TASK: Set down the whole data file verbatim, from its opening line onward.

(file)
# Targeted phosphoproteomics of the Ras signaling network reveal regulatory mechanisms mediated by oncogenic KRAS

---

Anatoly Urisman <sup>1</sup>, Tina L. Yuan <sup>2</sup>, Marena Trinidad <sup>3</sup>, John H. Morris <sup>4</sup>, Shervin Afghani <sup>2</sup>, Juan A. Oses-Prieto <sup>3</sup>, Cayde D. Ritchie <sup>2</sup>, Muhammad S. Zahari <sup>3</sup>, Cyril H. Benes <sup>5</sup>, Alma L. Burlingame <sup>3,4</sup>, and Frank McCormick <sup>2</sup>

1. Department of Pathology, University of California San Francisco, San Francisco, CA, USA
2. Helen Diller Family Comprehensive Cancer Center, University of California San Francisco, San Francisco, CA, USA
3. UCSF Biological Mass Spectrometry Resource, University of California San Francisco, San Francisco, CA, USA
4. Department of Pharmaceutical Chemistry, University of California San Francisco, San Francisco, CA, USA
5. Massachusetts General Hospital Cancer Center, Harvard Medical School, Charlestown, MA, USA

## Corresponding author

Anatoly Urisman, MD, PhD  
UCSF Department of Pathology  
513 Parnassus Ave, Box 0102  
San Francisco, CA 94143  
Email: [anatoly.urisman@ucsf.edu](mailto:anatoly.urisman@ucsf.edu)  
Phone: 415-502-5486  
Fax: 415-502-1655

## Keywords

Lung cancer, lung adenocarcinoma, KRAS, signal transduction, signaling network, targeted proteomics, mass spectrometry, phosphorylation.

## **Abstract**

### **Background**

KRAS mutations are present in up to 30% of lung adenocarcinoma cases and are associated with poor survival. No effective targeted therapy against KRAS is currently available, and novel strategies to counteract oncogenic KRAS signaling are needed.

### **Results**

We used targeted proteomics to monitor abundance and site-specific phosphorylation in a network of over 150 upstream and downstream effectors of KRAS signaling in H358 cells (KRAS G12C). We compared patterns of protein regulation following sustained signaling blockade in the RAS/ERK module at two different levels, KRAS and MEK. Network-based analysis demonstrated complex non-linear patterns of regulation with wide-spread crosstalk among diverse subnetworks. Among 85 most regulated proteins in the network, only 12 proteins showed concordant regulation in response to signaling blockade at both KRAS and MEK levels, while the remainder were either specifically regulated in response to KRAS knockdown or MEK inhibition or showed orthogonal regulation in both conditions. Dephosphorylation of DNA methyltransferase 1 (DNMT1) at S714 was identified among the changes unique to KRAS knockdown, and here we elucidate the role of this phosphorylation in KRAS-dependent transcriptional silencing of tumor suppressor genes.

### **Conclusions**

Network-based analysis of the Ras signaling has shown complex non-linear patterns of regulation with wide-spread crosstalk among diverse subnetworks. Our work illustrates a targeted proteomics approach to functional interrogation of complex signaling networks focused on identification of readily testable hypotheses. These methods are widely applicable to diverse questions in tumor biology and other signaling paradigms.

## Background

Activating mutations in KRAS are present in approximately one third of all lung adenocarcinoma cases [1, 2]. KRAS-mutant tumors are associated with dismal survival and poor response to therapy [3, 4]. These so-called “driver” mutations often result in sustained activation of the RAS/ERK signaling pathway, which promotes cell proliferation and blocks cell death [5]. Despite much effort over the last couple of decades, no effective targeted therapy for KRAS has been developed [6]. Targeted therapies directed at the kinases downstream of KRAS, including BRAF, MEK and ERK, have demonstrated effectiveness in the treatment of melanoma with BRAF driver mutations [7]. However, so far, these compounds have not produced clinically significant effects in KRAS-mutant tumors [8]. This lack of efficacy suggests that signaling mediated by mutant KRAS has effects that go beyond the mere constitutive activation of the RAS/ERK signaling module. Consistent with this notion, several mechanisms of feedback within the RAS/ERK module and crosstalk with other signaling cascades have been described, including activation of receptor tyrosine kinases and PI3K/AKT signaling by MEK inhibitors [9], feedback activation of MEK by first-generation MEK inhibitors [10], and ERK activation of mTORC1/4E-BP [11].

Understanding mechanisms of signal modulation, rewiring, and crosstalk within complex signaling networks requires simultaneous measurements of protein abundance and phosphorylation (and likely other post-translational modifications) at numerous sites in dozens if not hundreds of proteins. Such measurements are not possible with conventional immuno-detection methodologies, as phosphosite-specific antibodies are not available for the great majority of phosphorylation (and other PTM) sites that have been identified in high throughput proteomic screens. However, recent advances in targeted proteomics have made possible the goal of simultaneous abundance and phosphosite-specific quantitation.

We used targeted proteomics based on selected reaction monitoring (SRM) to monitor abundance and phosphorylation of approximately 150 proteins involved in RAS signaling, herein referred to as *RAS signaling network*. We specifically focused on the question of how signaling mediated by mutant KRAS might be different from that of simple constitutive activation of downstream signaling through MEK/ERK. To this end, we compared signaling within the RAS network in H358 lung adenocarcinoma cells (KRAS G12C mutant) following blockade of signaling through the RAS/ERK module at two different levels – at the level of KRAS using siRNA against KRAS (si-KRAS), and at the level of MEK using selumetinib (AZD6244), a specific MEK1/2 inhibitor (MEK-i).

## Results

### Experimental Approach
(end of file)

# Targeted phosphoproteomics of the Ras signaling network reveal regulatory mechanisms mediated by oncogenic KRAS

---

Anatoly Urisman <sup>1</sup>, Tina L. Yuan <sup>2</sup>, Marena Trinidad <sup>3</sup>, John H. Morris <sup>4</sup>, Shervin Afghani <sup>2</sup>, Juan A. Oses-Prieto <sup>3</sup>, Cayde D. Ritchie <sup>2</sup>, Muhammad S. Zahari <sup>3</sup>, Cyril H. Benes <sup>5</sup>, Alma L. Burlingame <sup>3,4</sup>, and Frank McCormick <sup>2</sup>

1. Department of Pathology, University of California San Francisco, San Francisco, CA, USA
2. Helen Diller Family Comprehensive Cancer Center, University of California San Francisco, San Francisco, CA, USA
3. UCSF Biological Mass Spectrometry Resource, University of California San Francisco, San Francisco, CA, USA
4. Department of Pharmaceutical Chemistry, University of California San Francisco, San Francisco, CA, USA
5. Massachusetts General Hospital Cancer Center, Harvard Medical School, Charlestown, MA, USA

## Corresponding author

Anatoly Urisman, MD, PhD  
UCSF Department of Pathology  
513 Parnassus Ave, Box 0102  
San Francisco, CA 94143  
Email: [anatoly.urisman@ucsf.edu](mailto:anatoly.urisman@ucsf.edu)  
Phone: 415-502-5486  
Fax: 415-502-1655

## Keywords

Lung cancer, lung adenocarcinoma, KRAS, signal transduction, signaling network, targeted proteomics, mass spectrometry, phosphorylation.

## **Abstract**

### **Background**

KRAS mutations are present in up to 30% of lung adenocarcinoma cases and are associated with poor survival. No effective targeted therapy against KRAS is currently available, and novel strategies to counteract oncogenic KRAS signaling are needed.

### **Results**

We used targeted proteomics to monitor abundance and site-specific phosphorylation in a network of over 150 upstream and downstream effectors of KRAS signaling in H358 cells (KRAS G12C). We compared patterns of protein regulation following sustained signaling blockade in the RAS/ERK module at two different levels, KRAS and MEK. Network-based analysis demonstrated complex non-linear patterns of regulation with wide-spread crosstalk among diverse subnetworks. Among 85 most regulated proteins in the network, only 12 proteins showed concordant regulation in response to signaling blockade at both KRAS and MEK levels, while the remainder were either specifically regulated in response to KRAS knockdown or MEK inhibition or showed orthogonal regulation in both conditions. Dephosphorylation of DNA methyltransferase 1 (DNMT1) at S714 was identified among the changes unique to KRAS knockdown, and here we elucidate the role of this phosphorylation in KRAS-dependent transcriptional silencing of tumor suppressor genes.

### **Conclusions**

Network-based analysis of the Ras signaling has shown complex non-linear patterns of regulation with wide-spread crosstalk among diverse subnetworks. Our work illustrates a targeted proteomics approach to functional interrogation of complex signaling networks focused on identification of readily testable hypotheses. These methods are widely applicable to diverse questions in tumor biology and other signaling paradigms.

## Background

Activating mutations in KRAS are present in approximately one third of all lung adenocarcinoma cases [1, 2]. KRAS-mutant tumors are associated with dismal survival and poor response to therapy [3, 4]. These so-called “driver” mutations often result in sustained activation of the RAS/ERK signaling pathway, which promotes cell proliferation and blocks cell death [5]. Despite much effort over the last couple of decades, no effective targeted therapy for KRAS has been developed [6]. Targeted therapies directed at the kinases downstream of KRAS, including BRAF, MEK and ERK, have demonstrated effectiveness in the treatment of melanoma with BRAF driver mutations [7]. However, so far, these compounds have not produced clinically significant effects in KRAS-mutant tumors [8]. This lack of efficacy suggests that signaling mediated by mutant KRAS has effects that go beyond the mere constitutive activation of the RAS/ERK signaling module. Consistent with this notion, several mechanisms of feedback within the RAS/ERK module and crosstalk with other signaling cascades have been described, including activation of receptor tyrosine kinases and PI3K/AKT signaling by MEK inhibitors [9], feedback activation of MEK by first-generation MEK inhibitors [10], and ERK activation of mTORC1/4E-BP [11].

Understanding mechanisms of signal modulation, rewiring, and crosstalk within complex signaling networks requires simultaneous measurements of protein abundance and phosphorylation (and likely other post-translational modifications) at numerous sites in dozens if not hundreds of proteins. Such measurements are not possible with conventional immuno-detection methodologies, as phosphosite-specific antibodies are not available for the great majority of phosphorylation (and other PTM) sites that have been identified in high throughput proteomic screens. However, recent advances in targeted proteomics have made possible the goal of simultaneous abundance and phosphosite-specific quantitation.

We used targeted proteomics based on selected reaction monitoring (SRM) to monitor abundance and phosphorylation of approximately 150 proteins involved in RAS signaling, herein referred to as *RAS signaling network*. We specifically focused on the question of how signaling mediated by mutant KRAS might be different from that of simple constitutive activation of downstream signaling through MEK/ERK. To this end, we compared signaling within the RAS network in H358 lung adenocarcinoma cells (KRAS G12C mutant) following blockade of signaling through the RAS/ERK module at two different levels – at the level of KRAS using siRNA against KRAS (si-KRAS), and at the level of MEK using selumetinib (AZD6244), a specific MEK1/2 inhibitor (MEK-i).

## Results

### Experimental Approach